Updated: Dec 14, 2021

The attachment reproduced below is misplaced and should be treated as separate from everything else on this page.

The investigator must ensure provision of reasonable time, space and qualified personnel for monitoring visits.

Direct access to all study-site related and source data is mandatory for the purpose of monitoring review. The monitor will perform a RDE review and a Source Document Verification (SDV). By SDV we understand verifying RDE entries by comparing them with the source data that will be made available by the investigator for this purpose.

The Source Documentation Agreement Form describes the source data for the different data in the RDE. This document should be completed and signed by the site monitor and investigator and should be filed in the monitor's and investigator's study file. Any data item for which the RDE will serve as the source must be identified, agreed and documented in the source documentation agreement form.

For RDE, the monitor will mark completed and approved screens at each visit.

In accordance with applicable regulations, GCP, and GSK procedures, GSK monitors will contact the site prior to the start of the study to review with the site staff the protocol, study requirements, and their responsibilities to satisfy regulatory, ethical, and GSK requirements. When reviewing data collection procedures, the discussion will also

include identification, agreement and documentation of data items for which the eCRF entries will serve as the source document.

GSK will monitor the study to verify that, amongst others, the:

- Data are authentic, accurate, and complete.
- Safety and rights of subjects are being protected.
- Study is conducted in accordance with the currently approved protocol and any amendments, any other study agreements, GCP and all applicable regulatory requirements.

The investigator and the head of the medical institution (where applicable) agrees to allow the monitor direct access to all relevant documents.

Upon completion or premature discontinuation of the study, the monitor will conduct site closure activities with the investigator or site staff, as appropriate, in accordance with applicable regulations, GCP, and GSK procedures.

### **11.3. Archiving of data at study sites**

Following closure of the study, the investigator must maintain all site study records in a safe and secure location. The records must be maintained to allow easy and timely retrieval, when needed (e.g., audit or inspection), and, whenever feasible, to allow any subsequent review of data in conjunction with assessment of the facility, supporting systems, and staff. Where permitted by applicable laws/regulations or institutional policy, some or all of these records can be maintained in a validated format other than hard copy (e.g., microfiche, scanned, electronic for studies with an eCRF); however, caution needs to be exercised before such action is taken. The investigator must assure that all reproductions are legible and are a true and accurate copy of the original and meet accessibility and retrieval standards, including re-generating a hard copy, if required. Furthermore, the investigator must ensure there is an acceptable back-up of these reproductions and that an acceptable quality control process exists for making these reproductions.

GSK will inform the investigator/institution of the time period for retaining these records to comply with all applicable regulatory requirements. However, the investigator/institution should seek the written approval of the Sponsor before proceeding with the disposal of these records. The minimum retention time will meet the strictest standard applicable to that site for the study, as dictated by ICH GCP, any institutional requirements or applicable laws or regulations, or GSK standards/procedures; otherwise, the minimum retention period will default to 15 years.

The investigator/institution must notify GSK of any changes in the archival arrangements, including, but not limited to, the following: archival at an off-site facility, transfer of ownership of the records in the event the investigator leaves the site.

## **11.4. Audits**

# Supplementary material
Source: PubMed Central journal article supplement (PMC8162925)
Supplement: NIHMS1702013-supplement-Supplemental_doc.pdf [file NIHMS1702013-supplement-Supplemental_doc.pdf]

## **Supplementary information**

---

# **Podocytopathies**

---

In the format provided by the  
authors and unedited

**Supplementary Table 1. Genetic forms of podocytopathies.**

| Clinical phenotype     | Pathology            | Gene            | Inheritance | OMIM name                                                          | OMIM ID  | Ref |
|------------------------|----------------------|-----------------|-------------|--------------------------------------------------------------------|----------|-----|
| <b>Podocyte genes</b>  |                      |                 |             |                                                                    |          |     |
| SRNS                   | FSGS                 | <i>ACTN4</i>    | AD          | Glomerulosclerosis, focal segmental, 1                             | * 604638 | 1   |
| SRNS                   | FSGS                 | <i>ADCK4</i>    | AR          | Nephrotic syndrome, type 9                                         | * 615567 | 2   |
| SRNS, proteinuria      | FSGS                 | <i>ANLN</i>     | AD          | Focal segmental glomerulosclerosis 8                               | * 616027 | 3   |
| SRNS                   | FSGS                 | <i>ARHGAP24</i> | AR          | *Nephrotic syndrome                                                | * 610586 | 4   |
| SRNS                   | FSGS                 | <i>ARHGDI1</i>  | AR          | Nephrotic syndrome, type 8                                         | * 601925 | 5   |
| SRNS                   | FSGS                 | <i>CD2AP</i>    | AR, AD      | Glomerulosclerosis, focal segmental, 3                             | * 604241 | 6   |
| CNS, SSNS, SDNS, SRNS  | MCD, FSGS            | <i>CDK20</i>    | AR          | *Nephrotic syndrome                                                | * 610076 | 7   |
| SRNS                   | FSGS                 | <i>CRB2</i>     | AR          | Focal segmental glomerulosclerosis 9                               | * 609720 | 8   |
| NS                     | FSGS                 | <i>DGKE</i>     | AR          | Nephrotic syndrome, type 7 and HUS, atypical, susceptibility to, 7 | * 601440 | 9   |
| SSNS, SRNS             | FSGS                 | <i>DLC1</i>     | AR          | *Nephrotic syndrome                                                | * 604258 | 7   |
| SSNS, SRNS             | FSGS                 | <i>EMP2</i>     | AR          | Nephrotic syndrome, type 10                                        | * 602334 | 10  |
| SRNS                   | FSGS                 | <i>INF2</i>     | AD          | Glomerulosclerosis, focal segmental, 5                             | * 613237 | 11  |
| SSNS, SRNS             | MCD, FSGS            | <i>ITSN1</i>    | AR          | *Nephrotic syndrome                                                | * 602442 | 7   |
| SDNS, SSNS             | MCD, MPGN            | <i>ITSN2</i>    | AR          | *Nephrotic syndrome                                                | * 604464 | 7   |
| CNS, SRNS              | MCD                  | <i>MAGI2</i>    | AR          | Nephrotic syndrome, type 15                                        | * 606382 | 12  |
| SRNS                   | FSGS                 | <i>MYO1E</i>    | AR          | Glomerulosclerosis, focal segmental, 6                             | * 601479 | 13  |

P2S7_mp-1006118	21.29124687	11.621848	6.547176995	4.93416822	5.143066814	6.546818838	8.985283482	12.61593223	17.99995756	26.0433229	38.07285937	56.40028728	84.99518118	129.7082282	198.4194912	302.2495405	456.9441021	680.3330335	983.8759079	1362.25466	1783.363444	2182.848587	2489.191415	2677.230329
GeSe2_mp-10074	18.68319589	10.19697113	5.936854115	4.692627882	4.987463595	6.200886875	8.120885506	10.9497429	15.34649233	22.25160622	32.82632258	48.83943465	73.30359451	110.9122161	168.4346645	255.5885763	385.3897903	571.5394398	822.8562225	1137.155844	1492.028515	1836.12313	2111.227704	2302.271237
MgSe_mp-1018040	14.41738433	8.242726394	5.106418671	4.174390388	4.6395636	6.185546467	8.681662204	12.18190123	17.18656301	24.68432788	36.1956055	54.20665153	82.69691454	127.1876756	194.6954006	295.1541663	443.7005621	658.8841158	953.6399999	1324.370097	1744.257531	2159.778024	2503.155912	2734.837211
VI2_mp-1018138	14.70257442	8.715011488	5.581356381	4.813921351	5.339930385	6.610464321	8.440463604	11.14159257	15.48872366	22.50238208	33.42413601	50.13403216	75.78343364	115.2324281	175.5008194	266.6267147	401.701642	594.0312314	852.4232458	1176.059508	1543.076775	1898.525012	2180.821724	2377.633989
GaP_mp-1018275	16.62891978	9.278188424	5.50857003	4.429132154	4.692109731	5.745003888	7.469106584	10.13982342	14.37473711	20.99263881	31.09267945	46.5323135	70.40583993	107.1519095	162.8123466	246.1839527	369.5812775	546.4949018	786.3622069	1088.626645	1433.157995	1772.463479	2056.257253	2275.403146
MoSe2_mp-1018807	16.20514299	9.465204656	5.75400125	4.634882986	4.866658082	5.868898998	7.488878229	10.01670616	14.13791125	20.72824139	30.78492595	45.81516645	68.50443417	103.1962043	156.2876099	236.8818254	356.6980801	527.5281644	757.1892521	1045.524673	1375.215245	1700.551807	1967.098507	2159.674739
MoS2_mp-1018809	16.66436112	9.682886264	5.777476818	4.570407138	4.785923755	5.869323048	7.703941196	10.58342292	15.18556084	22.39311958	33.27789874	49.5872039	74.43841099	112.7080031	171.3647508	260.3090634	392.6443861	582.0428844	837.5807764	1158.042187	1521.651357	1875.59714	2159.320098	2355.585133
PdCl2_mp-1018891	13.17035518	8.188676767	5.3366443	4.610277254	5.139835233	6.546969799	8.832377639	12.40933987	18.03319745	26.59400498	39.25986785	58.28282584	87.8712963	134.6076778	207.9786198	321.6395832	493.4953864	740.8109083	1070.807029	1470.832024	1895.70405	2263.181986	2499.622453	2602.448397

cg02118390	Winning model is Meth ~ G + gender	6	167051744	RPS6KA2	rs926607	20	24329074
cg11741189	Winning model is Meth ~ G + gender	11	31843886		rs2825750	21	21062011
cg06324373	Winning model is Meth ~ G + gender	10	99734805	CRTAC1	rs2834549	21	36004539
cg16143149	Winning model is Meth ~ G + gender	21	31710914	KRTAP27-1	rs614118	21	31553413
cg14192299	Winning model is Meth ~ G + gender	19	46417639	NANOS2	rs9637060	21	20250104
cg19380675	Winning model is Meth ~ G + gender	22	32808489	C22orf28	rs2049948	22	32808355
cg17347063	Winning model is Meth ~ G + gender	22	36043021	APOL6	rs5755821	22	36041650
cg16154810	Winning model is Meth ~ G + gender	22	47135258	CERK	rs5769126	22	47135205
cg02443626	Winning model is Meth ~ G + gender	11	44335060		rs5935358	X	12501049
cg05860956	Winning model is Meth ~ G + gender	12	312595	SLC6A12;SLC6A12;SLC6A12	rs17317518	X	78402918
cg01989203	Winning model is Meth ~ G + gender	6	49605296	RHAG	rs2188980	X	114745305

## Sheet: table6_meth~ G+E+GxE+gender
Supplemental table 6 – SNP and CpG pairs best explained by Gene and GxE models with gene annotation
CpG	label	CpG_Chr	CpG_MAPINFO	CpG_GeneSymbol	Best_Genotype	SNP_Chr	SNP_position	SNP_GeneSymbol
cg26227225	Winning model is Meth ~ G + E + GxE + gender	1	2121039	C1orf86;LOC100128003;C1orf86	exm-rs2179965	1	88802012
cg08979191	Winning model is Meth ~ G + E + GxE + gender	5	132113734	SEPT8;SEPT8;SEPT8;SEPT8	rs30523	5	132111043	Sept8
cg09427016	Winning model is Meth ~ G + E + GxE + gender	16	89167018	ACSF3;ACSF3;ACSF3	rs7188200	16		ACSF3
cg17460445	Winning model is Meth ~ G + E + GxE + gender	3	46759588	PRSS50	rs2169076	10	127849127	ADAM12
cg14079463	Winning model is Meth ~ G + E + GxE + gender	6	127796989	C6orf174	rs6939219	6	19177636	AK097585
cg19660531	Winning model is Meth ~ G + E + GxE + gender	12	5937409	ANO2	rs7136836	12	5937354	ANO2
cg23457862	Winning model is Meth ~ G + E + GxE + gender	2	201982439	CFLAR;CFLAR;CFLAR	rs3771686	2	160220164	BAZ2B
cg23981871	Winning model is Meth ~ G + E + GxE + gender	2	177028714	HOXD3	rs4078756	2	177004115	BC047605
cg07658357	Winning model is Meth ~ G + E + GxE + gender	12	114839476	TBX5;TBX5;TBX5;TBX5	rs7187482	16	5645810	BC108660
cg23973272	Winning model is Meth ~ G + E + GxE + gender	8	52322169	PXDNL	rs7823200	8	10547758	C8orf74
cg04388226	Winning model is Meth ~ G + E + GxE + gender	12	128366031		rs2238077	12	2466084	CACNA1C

Insurance company claims management hates to have outside critical analysis over its handling of property insurance claims. Whether by regulators through market conduct examinations or discovery in claims practices cases by their own customers, the modern trend is to object to turning over these internal documents on every conceivable ground, including “trade secrets.” This has been noted numerous times in this blog, including in Trade Secrets: Dynamite Discovery Decisions, Part 11, where we noted: It is not uncommon for insurance companies to argue that company documents, such as claims manuals and guidelines, are trade secrets and worthy of a protective order. This is nonsense. First, insurance companies frequently exchange claim manuals, guidelines, and the like amongst each other. Carriers do not genuinely raise the trade secret specter for the typically asserted reason of preventing other carriers from gaining some sort of competitive advantage. Rather, it is relatively clear that carriers raise the trade secret specter solely to stymie policyholder practitioners from sharing company documents and gaining a bit of a litigation leg-up on the industry. Second, insurers and policyholders are simply not competitors within the intended meaning or purpose of trade secret. … Insurance companies realize full well that they will not suffer a competitive injury at the hands of other insurance companies if company materials are disseminated. This does not stop insurers, however, from trying to confuse judges on the meaning of “competitor” in the context of trade secret. As recognized by the courts above, a policyholder is not a “competitor” of an insurance company within the meaning of trade secret. And this reality is backed by the time-tested industry standard that claim adjustment is not supposed to be an adversarial process. A Connecticut case that is currently being litigated has the following allegations about “outcome oriented” insurance consultants that many policyholders complain about: “[P]laintiff alleges that defendant engaged in unfair insurance practices, in violation of CUIPA, by, inter alia, retaining Rebuild to provide a valuation of the cost to repair plaintiff’s home, despite the fact that Rebuild is not licensed in Connecticut to perform the actual repair work… Plaintiff contends that defendant routinely uses Rebuild, and other unlicensed contractors, to provide low-cost estimates in order ‘to assist the Defendant in underpaying” claims.’1 The policyholder sought claims files from other losses in the same county and the same storm. The court set out why the policyholder contended the consultant was biased towards providing lower estimates: Plaintiff alleges that Kemper has engaged in unfair insurance practices including, inter alia, retaining Rebuild, which she alleges is not licensed to conduct business in Connecticut, to provide an estimate of the cost of plaintiff’s repairs…Because Rebuild is unlicensed, plaintiff contends Rebuild ‘never had any intention of actually completing the work on Plaintiff’s home’ and its ‘estimate for the work dramatically undervalued the loss in comparison to the actual and necessary expenses actually incurred by’ plaintiff. Plaintiff asserts that this behavior is part of a broader pattern. Indeed, plaintiff specifically alleges that she ‘is aware of several other instances of inappropriate claims practices by the Defendant in connection with the 2018 storm in Fairfield County.’ The court noted the law allowing for such production although allowing the insurance company to mark them confidential: ‘[T]he plaintiff is entitled to conduct discovery as to whether or not the alleged unfair’ insurance practice plaintiff claims ‘to have occurred with respect to the plaintiff’s coverage, also occurred with respect to claims submitted by other insureds with similar coverage.’ Union St. Furniture & Carpet, Inc. v. Hartford Fin. Servs. Grp., Inc., No. CV-04-4002621-S, 2006 WL 2194381, at *1 (Conn. Super. Ct. July 19, 2006)…. see also Guillory v. Allstate Ins. Co., 476 F. Supp. 2d 171, 175–76 (D. Conn. 2007) (‘Although plaintiff has not pled any frequency with which the defendant engaged in the insurance practices he complains of, this is a proper area for discovery, particularly as such information may only be in defendant’s possession, not plaintiff’s.’); Interestingly, the court also made the insurance company produce: Defendant shall disclose all agreements, contracts or engagement letters between Kemper and any contractor, not licensed to perform repair or construction work in Connecticut, that was engaged to provide loss estimates or damage appraisals for properties located in Connecticut. This request shall be limited to agreements, contracts, or engagement letters entered into between January 1, 2015, and January 1, 2020, a five-year period which encompasses the underlying events. Finally, the court also made the insurer turn over its claims processing and handling manuals in effect in 2018 pertaining to estimation of loss, ruling: Courts have found an insurer’s claims processing manuals to be relevant, and discoverable, for several purposes. See, e.g., Champion Int’l Corp. v. Liberty Mut. Ins. Co., 129 F.R.D. 63, 67–68 (S.D.N.Y. 1989) (‘[C]laims manuals are clearly germane to the interpretation of’ insurance policies.); U.S. Fire Ins. Co. v. Bunge N. Am., Inc., 244 F.R.D. 638, 646 (D. Kan. 2007) (affirming a Magistrate Judge’s ruling that ‘claims handling materials’ are ‘relevant to whether claims were properly handled, … [and] demonstrate how the Insurers’ positions in this litigation are inconsistent with previous coverage decisions’); Massachusetts Mut. Ins. Co. v. Beeharilal, No. 14CV00085(JWD)(RLB), 2015 WL 1346242… (M.D. La. Mar. 24, 2015) (Claims manuals ‘are relevant to Plaintiff’s coverage and bad faith claims.’); RAF Properties, LLC v. United States Fire Ins. Co., No. 4:11CV00914(SWMS), 2012 WL 13055695, at *1 (S.D. Tex. Apr. 2, 2012) (Claims manual is discoverable because it ‘is the only guideline defendants can offer plaintiff on how defendants generally handle claims.’). Claims processing guidelines and manuals can ‘lead to admissible evidence regarding any procedures put in place by [an insurer] regarding the process by which claims adjusters may determine that claims should be denied or whether coverage is appropriate.’ Many lawsuits are filed claiming that the insurance company’s expert regarding loss estimation and evaluation is outcome-driven to help the insurance company pay less than what is owed. This case is another example to study and use to combat this wrongful behavior. Thought For The Day Who has connections to Connecticut? That’s where rich people go to live the rest of their life in the woods. — Patrice O’Neal _______________________________________ 1 Hobson v. Kemper Independence Ins Co., No. 3:20-cv-00812 (D. Conn. Aug. 9, 2021).